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Ten Reasons a Good Christian Can't Be a Good American: Reasons 2 through 7

Submitted by Ken Watts on Wed, 01/27/2010 - 15:17

LAST TIME WE LOOKED AT the first argument in the propaganda email titled "Can a Good Muslim be a Good American," and found, with the application of a little common sense, that it applied just as easily to a good Christian.

Today we take up the next six arguments in that email, starting with number two:

  1. "Religiously - no. . . Because no other religion is accepted by His Allah Except Islam (Quran, 2:256)(Koran)"

    Sounds pretty intolerant, right?


    Can a good Christian be a good American?

    Religiously - no . . . Because no other religion is accepted by his God except Christianity.

    Again, common sense.

    Every religion thinks that it is the only true religion.

    As Tommy Smothers said, it's the one doctrine all religions share—that theirs is the only truth.

    But American Christians manage to live every day in this country—which believes in the freedom of all religions—without any major conflict, and so do American Muslims.

    There's absolutely no reason to think that the average Muslim takes his religion, or his devotion to God, more seriously than the average Christian does—or more politically.

    We are, after all, members of the same species.
  2. "Scripturally - no. . . Because his allegiance is to the five Pillars of Islam and the Quran."

    And a Christian?

    Scripturally - no . . . Because his allegiance is to the doctrines of Christianity and the Christian Bible.

    How many Christians do you know who can't be good Americans because they are devoted to the Bible?

    Why should you expect that a Muslim is any different?

    Of course, there's a very subtle piece of propaganda in the subtext here—the idea that freedom of religion in America is not sincere.

    The propagandist plays both sides of the street on this issue—here he or she uses the assumption, unstated of course, that we have an official state religion to imply that anyone who has a different faith must be un-American.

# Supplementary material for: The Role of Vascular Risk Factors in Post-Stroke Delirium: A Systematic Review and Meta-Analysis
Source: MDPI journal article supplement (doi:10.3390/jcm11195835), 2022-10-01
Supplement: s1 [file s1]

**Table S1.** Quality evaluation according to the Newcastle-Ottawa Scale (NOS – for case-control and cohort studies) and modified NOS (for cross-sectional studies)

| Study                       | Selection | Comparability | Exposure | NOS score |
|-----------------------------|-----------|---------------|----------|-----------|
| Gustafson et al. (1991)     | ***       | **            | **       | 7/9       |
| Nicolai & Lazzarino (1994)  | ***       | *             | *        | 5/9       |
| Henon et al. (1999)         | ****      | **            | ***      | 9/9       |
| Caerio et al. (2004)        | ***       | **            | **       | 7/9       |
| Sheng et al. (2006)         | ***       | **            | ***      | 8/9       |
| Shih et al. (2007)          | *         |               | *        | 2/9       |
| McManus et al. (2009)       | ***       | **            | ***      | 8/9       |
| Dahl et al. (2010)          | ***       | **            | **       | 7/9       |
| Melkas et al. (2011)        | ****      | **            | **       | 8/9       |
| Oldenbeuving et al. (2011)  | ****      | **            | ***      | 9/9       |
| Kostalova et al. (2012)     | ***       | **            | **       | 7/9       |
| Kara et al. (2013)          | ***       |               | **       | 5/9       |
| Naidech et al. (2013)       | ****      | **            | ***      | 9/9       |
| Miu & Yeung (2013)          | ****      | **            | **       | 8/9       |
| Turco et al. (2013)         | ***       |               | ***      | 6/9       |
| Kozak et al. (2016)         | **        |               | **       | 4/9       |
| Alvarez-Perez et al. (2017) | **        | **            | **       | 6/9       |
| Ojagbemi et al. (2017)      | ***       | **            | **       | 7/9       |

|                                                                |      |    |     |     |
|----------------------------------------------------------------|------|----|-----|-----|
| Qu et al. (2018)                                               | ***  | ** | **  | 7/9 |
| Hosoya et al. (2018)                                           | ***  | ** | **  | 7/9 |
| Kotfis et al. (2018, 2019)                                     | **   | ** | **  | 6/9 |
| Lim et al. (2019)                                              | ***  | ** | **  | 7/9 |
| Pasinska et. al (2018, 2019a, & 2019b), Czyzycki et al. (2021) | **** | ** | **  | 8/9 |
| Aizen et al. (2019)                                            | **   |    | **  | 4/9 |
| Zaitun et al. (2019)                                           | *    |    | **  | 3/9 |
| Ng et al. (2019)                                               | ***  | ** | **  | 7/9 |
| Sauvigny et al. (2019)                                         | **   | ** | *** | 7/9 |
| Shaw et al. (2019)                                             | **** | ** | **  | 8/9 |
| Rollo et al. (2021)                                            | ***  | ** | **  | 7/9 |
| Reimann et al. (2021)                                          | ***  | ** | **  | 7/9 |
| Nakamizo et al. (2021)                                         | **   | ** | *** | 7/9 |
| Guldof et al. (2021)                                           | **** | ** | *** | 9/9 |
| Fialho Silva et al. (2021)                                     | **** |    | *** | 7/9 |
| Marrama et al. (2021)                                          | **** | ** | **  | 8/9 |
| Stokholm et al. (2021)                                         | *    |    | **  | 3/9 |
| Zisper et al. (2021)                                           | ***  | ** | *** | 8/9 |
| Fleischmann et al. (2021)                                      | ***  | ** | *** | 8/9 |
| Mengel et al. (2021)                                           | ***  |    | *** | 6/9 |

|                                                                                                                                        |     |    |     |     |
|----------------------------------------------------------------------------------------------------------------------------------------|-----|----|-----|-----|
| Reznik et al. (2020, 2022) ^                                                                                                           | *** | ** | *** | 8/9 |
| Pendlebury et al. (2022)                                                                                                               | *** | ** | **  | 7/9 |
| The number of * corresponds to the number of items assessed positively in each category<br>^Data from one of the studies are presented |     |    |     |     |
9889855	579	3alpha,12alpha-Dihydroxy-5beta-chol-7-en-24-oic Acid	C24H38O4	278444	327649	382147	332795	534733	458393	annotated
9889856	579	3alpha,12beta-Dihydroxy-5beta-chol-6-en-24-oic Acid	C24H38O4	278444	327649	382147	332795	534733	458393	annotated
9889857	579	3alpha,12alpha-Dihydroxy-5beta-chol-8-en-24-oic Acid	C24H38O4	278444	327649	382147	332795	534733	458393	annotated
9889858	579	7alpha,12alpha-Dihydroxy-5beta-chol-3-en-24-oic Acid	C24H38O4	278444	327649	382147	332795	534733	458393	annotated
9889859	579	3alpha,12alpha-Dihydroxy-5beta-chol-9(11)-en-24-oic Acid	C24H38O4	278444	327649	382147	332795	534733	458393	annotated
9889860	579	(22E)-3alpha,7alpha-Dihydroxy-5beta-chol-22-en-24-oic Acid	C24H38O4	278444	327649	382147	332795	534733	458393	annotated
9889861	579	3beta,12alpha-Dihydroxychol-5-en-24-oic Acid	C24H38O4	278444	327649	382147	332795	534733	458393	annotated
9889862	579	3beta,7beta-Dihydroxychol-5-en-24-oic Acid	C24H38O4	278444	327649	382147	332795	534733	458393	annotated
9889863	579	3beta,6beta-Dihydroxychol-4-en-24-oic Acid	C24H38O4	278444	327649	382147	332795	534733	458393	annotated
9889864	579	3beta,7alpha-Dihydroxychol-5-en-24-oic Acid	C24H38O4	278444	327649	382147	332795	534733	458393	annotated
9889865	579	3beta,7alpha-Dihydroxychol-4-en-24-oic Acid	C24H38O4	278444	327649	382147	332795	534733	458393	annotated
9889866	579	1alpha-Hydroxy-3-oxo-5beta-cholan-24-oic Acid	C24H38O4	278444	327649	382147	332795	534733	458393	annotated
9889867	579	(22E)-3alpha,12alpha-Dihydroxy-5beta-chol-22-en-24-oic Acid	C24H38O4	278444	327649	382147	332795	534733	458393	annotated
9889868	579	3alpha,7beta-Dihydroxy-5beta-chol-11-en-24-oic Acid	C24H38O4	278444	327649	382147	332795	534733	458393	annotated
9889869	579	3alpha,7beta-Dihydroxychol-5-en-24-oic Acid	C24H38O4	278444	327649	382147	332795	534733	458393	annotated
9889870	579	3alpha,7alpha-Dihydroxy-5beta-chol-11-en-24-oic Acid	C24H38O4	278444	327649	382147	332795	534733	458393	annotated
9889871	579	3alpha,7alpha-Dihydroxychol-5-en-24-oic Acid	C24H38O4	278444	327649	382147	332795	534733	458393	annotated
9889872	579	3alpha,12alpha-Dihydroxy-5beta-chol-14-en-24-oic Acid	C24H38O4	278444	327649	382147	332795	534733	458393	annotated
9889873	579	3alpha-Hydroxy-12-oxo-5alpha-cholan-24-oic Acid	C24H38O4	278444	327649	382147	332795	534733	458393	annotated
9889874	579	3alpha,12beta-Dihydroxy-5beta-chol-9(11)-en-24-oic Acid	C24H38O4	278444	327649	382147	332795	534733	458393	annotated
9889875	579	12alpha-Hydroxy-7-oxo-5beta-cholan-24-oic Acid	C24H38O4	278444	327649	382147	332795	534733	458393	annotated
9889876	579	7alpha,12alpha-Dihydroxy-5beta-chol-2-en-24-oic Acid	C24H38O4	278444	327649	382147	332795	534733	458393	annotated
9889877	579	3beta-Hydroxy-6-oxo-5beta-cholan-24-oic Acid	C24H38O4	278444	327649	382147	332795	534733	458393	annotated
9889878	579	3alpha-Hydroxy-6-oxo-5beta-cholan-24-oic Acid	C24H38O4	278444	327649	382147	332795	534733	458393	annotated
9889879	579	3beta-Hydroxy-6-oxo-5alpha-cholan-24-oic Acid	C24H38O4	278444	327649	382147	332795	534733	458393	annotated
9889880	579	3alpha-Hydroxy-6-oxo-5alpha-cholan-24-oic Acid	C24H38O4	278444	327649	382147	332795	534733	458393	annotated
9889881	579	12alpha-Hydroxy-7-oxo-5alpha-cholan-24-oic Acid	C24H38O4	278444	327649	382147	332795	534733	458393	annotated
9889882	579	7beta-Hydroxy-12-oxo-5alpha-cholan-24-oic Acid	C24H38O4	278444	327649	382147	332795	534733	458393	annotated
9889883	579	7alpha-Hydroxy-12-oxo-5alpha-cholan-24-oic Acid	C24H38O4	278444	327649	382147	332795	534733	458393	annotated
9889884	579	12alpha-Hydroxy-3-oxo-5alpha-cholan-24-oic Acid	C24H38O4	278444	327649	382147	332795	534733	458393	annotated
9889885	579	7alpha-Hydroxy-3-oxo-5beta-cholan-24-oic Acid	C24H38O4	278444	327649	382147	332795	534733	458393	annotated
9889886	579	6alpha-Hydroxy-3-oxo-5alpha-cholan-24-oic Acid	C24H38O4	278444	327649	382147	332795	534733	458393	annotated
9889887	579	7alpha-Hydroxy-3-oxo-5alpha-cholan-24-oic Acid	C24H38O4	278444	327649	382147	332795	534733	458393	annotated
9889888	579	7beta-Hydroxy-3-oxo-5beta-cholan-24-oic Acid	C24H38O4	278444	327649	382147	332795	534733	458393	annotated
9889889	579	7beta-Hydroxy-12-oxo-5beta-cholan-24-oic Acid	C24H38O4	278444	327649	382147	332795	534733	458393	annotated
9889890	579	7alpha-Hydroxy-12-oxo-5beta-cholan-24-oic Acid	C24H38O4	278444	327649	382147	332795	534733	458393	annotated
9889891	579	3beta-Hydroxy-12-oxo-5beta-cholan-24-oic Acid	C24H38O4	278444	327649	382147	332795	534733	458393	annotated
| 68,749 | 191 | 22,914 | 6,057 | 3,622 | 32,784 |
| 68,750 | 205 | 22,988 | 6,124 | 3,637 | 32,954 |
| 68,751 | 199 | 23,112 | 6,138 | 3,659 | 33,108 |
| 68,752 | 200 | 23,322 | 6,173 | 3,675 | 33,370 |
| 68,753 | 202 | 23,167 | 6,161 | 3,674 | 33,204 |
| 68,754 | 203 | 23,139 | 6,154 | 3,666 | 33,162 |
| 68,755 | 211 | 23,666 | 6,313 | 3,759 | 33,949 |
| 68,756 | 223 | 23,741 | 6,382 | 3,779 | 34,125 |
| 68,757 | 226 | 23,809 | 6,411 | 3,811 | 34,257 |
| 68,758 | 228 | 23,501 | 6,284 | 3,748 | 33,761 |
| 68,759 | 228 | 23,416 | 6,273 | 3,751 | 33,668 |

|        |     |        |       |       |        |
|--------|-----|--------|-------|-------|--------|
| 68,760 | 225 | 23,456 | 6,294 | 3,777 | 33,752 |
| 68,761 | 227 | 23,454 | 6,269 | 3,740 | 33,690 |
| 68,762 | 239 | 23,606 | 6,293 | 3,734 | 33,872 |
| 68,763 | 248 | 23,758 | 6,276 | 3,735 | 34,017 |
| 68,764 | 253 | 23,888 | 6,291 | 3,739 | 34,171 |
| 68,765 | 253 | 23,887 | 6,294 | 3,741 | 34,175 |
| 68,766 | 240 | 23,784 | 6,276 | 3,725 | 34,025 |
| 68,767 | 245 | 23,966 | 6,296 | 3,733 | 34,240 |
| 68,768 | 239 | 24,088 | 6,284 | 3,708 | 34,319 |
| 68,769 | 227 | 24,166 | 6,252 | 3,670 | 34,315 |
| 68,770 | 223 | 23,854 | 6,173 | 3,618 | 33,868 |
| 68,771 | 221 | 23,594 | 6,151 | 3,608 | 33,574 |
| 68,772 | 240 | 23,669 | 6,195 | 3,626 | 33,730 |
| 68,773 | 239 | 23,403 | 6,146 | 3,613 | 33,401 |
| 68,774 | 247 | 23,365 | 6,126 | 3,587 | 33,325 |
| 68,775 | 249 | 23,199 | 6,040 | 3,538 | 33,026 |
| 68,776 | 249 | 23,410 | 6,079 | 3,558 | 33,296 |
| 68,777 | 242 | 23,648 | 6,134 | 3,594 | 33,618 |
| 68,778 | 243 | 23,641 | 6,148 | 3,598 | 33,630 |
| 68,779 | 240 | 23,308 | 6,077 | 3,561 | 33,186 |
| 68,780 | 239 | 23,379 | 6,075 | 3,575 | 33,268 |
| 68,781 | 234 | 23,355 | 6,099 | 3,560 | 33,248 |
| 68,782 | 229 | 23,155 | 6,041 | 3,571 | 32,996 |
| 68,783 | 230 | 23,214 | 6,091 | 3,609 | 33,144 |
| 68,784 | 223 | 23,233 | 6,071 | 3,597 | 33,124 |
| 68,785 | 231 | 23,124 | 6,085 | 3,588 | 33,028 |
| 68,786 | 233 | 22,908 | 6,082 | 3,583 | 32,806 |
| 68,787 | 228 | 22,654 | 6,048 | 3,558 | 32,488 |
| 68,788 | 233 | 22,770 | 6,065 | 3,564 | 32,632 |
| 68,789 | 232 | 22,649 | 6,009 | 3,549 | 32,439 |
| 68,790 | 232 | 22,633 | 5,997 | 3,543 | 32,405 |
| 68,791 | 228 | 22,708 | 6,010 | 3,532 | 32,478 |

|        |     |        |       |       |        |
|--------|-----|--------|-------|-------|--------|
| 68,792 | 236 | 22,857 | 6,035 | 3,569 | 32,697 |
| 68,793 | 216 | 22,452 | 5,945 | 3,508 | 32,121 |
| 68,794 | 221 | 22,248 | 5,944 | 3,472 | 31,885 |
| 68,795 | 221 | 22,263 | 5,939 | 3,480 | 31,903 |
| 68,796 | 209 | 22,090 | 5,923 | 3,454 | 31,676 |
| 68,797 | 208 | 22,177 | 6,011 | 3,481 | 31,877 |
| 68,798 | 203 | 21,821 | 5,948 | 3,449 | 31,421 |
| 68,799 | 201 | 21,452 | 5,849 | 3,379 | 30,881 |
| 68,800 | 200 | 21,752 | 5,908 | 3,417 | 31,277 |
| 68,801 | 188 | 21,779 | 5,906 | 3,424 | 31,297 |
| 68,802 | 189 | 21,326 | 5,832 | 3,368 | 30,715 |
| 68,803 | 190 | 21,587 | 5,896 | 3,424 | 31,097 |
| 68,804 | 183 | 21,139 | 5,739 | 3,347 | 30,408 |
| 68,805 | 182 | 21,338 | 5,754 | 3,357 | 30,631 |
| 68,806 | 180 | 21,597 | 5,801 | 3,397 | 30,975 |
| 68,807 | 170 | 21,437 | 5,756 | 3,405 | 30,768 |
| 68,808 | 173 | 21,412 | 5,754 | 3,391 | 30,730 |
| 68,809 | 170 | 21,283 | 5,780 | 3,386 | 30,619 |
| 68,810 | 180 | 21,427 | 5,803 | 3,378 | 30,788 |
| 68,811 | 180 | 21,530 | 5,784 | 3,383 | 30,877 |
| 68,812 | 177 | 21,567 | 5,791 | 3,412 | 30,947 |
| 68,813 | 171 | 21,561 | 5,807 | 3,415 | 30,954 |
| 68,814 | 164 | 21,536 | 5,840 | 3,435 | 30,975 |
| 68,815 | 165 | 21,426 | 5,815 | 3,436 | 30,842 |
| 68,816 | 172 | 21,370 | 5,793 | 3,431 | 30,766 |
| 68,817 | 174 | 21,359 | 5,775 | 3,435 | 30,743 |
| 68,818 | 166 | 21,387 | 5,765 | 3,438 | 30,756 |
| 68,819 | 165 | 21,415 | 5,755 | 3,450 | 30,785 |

The founding fathers would have been appalled at this suggestion.

    They worked very hard to specifically exclude any idea of an official national religion.

    But you can't truly have freedom of religion in a country if some religions are considered more patriotic than others for no reason except that they are somehow declared to be.

    Common sense.

    And, by the way, those scary "Five Pillars of Islam"?
    1. Reciting the Creed
    2. Praying
    3. Fasting
    4. Giving to the poor
    5. Making a trip to their holy land...

      How unpatriotic! You'd never catch a Christian doing any of those!
  3. "Geographically - no . Because his allegiance is to Mecca, to which he turns in prayer five times a day."

    The word "allegiance" is getting overused here, and distorted in the process.

    Yes, Mecca is the holiest city for Muslims. Yes, it has a special historical significance in their religion. And yes, they turn toward Mecca when they pray.

    But Mecca is not the center of their theological authority, as the Vatican is for some American Christians, nor is there anyone there to whom they owe a particular allegiance, as Roman Catholic Christians do to the Pope.

    It is simply their holy land, like Jerusalem is for all Christians and Jews.

    Their special feelings for the place their religion began is no more sinister than a Christian's special feeling for the tomb of Jesus, and far less political than a Roman Catholic's deference for the edicts issued from the Vatican.

    Good old American common sense.
  4. "Socially - no. . . Because his allegiance to Islam forbids him to make Friends with Christians or Jews."

    There is a verse that can be interpreted this way in the Qur'an, just as there are verses in the Christian and Jewish scriptures that some interpret in the same way.